Matthew Kidman: I think the risk this year is you're not confident enough. You go into these years where it reminds me, not as extreme, but when COVID sold off and the world just shook and everything was down, sentiment was busted. Then, you had to get back on the horse, but you had to ride that horse very quickly. You had to put it in and just go because the market took off. I think there's a little bit of that this year. Where we've done worst over the years is when the market's taken off. Because we can go to cash, we can short stocks, and so we can play defensive quite well, but sometimes you've just got to plain attack full-on. I get the feeling that's where we're heading this year. As the year unfolds, I think it gathers momentum. It is not the V-shape that we saw back at COVID, but that's what I worry about.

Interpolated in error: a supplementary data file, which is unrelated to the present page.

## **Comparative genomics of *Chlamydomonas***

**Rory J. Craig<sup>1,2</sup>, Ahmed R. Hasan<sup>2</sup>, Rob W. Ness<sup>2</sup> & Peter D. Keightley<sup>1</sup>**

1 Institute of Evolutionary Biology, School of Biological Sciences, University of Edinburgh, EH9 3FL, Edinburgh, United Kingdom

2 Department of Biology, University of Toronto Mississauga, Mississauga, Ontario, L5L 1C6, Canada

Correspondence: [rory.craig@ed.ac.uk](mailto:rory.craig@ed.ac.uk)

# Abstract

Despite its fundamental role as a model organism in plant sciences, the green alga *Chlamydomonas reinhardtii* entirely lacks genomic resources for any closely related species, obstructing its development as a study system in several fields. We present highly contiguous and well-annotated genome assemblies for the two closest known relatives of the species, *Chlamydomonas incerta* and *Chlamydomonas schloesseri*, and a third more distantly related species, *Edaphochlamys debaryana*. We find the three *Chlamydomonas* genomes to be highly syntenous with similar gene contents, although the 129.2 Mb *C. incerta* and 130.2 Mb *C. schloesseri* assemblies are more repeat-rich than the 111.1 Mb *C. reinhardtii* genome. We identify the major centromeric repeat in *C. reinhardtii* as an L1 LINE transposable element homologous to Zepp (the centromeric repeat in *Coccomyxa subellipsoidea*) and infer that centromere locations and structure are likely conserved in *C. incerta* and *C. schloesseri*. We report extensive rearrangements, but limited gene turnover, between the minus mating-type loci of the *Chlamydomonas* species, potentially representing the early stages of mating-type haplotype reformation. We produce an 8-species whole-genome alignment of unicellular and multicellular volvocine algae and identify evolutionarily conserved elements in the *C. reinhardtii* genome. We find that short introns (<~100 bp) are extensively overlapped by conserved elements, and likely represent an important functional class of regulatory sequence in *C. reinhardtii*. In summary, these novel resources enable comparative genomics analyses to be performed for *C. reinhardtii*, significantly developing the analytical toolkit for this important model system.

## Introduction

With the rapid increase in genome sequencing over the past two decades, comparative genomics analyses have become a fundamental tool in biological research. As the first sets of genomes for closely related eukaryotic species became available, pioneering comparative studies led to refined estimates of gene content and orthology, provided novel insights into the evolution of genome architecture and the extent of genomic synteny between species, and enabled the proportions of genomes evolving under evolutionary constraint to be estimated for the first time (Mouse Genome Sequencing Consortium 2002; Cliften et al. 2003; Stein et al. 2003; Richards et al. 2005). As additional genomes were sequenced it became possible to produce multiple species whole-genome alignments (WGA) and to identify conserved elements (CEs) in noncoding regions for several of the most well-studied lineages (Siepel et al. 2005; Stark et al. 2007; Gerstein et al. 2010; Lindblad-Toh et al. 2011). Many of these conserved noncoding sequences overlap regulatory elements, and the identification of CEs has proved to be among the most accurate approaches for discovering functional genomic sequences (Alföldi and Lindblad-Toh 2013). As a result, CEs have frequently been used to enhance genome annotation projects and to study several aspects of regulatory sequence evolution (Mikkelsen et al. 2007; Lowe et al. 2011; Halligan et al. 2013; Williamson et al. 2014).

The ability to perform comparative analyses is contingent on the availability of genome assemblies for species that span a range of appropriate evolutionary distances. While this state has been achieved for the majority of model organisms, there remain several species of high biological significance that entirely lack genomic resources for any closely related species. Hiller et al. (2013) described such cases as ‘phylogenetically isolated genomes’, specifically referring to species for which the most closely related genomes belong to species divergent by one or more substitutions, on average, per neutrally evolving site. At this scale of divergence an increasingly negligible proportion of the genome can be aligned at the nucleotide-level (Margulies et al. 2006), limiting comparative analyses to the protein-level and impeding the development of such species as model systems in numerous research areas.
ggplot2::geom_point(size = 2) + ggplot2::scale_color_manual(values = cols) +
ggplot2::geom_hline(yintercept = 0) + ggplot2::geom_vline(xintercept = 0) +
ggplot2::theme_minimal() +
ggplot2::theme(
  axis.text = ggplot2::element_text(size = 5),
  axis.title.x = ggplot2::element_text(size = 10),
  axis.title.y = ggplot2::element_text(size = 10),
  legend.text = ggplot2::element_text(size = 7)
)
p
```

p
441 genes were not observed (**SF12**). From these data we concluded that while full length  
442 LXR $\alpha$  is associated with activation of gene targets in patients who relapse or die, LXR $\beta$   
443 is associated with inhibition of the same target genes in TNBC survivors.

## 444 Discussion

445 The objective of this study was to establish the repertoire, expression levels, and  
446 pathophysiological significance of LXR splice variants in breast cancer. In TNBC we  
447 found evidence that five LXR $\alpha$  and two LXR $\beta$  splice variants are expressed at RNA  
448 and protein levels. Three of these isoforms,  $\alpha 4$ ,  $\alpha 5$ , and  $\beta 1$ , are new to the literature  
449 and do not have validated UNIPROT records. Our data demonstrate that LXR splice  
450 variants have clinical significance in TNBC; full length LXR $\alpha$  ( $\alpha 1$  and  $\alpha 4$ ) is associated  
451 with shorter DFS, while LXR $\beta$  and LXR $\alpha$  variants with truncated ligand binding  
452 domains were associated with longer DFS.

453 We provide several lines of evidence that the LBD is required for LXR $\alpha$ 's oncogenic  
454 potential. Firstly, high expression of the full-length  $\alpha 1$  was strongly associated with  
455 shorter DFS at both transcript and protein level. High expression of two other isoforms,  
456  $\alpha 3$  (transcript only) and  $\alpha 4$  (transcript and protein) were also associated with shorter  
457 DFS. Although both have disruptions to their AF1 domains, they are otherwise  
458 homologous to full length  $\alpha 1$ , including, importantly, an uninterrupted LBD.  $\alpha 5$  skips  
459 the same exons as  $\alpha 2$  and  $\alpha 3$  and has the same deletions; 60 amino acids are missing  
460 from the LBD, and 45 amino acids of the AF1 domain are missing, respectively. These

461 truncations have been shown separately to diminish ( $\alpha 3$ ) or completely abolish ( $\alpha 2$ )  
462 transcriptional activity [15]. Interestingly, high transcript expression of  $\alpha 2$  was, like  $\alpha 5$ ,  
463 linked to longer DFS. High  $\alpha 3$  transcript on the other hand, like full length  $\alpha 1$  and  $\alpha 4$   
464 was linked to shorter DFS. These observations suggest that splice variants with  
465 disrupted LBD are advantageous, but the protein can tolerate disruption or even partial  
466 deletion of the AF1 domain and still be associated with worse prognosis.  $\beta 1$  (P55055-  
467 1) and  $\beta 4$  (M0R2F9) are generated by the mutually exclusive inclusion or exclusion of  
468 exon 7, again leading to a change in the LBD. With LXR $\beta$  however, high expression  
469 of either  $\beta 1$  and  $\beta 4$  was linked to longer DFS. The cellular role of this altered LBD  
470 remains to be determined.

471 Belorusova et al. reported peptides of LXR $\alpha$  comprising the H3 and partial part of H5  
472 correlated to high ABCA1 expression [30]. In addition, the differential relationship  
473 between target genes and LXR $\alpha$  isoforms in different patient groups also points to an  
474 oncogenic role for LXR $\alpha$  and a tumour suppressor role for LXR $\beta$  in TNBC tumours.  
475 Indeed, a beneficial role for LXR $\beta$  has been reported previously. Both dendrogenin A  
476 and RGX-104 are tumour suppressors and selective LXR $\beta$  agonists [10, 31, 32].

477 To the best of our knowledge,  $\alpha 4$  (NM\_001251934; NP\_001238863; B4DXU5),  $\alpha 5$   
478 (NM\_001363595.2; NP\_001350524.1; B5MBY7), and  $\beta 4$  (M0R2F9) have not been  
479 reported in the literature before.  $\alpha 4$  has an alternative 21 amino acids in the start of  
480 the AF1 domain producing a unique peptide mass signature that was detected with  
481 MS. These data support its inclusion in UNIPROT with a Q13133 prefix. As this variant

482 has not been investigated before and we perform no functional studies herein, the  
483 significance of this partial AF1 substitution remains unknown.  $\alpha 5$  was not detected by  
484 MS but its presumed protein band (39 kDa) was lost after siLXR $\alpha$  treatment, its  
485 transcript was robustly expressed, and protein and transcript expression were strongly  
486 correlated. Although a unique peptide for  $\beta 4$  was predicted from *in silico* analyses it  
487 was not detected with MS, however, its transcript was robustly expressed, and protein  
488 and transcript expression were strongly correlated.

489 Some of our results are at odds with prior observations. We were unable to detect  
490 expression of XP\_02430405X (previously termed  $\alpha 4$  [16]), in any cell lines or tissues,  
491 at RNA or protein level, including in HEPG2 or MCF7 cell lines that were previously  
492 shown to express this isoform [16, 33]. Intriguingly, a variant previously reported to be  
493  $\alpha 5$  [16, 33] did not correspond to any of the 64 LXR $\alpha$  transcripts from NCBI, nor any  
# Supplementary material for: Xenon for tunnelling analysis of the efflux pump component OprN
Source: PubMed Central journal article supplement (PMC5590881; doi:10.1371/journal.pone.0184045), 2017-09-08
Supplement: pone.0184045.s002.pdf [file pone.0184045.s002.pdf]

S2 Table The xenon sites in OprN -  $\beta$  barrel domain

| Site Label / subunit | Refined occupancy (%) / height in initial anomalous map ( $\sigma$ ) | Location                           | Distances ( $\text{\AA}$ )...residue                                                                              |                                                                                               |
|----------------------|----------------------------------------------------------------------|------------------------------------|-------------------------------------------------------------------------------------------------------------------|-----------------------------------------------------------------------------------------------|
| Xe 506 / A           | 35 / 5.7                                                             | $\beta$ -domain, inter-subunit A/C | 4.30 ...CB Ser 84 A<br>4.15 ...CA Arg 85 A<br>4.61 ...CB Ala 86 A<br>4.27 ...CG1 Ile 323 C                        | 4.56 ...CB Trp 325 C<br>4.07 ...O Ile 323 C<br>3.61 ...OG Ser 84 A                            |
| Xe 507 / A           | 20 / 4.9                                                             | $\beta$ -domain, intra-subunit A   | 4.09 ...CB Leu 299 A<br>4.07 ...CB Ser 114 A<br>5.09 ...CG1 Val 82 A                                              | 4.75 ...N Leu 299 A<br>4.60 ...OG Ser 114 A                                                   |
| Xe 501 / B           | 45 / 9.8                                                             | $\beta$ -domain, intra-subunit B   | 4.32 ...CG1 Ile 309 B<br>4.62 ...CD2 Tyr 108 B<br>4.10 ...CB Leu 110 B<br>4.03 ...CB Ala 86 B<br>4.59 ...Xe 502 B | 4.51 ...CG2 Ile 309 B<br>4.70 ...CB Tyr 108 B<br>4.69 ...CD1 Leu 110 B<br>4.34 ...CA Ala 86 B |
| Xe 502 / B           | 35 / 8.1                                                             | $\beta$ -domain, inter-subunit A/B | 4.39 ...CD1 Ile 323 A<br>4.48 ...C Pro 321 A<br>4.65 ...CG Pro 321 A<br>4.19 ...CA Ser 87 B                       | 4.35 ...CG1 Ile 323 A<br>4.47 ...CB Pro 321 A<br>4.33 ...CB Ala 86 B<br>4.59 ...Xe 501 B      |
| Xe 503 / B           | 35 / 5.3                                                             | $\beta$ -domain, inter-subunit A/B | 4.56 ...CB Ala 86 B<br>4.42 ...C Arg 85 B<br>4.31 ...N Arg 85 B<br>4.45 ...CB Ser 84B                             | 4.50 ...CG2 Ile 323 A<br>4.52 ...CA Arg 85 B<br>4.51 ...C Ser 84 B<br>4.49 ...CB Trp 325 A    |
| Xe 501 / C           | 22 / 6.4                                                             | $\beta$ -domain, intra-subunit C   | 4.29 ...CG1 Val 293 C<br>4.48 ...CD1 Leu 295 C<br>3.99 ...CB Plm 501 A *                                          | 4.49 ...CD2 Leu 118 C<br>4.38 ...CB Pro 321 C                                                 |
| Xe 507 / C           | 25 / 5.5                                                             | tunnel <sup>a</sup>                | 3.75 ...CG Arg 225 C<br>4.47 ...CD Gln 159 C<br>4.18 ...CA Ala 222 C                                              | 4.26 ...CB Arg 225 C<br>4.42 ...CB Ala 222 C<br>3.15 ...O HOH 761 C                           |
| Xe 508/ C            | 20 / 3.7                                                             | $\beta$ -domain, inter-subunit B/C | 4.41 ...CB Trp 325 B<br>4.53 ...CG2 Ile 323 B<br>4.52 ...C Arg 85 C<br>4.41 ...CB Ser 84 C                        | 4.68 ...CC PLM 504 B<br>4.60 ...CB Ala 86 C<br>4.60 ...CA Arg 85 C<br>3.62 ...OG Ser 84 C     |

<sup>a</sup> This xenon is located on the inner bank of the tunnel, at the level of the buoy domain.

Risk #9: Liquidity challenges

Matthew Haupt: I'm going to go back to liquidity. At the moment, there's excess liquidity in the system. The US Treasury are issuing a lot of treasuries and the excess liquidity is taking those up. But there's going to be a point next year when that excess liquidity will not be able to fund those treasuries, and next year there's going to be over 2 trillion of treasuries on issue. Everyone's focused on inflation and rates. That liquidity, for me, is the big swing factor in 2024 where I think we'll have a negative liquidity impulse. For me, that's the one to really watch for.

Risk #10: A recession

Dr Philipp Hofflin: Look, the biggest question obviously is what's going to happen with the economy. It is, by far, the biggest one. The risk is that the market is currently quite discounting a soft landing. I really just want to say two things about that from an outside perspective. The first one is, in the US since the Second World War, we've had 10 fair tightenings when inflation has got out of control a little bit, and of those, nine ended in hard landings. The odds aren't great.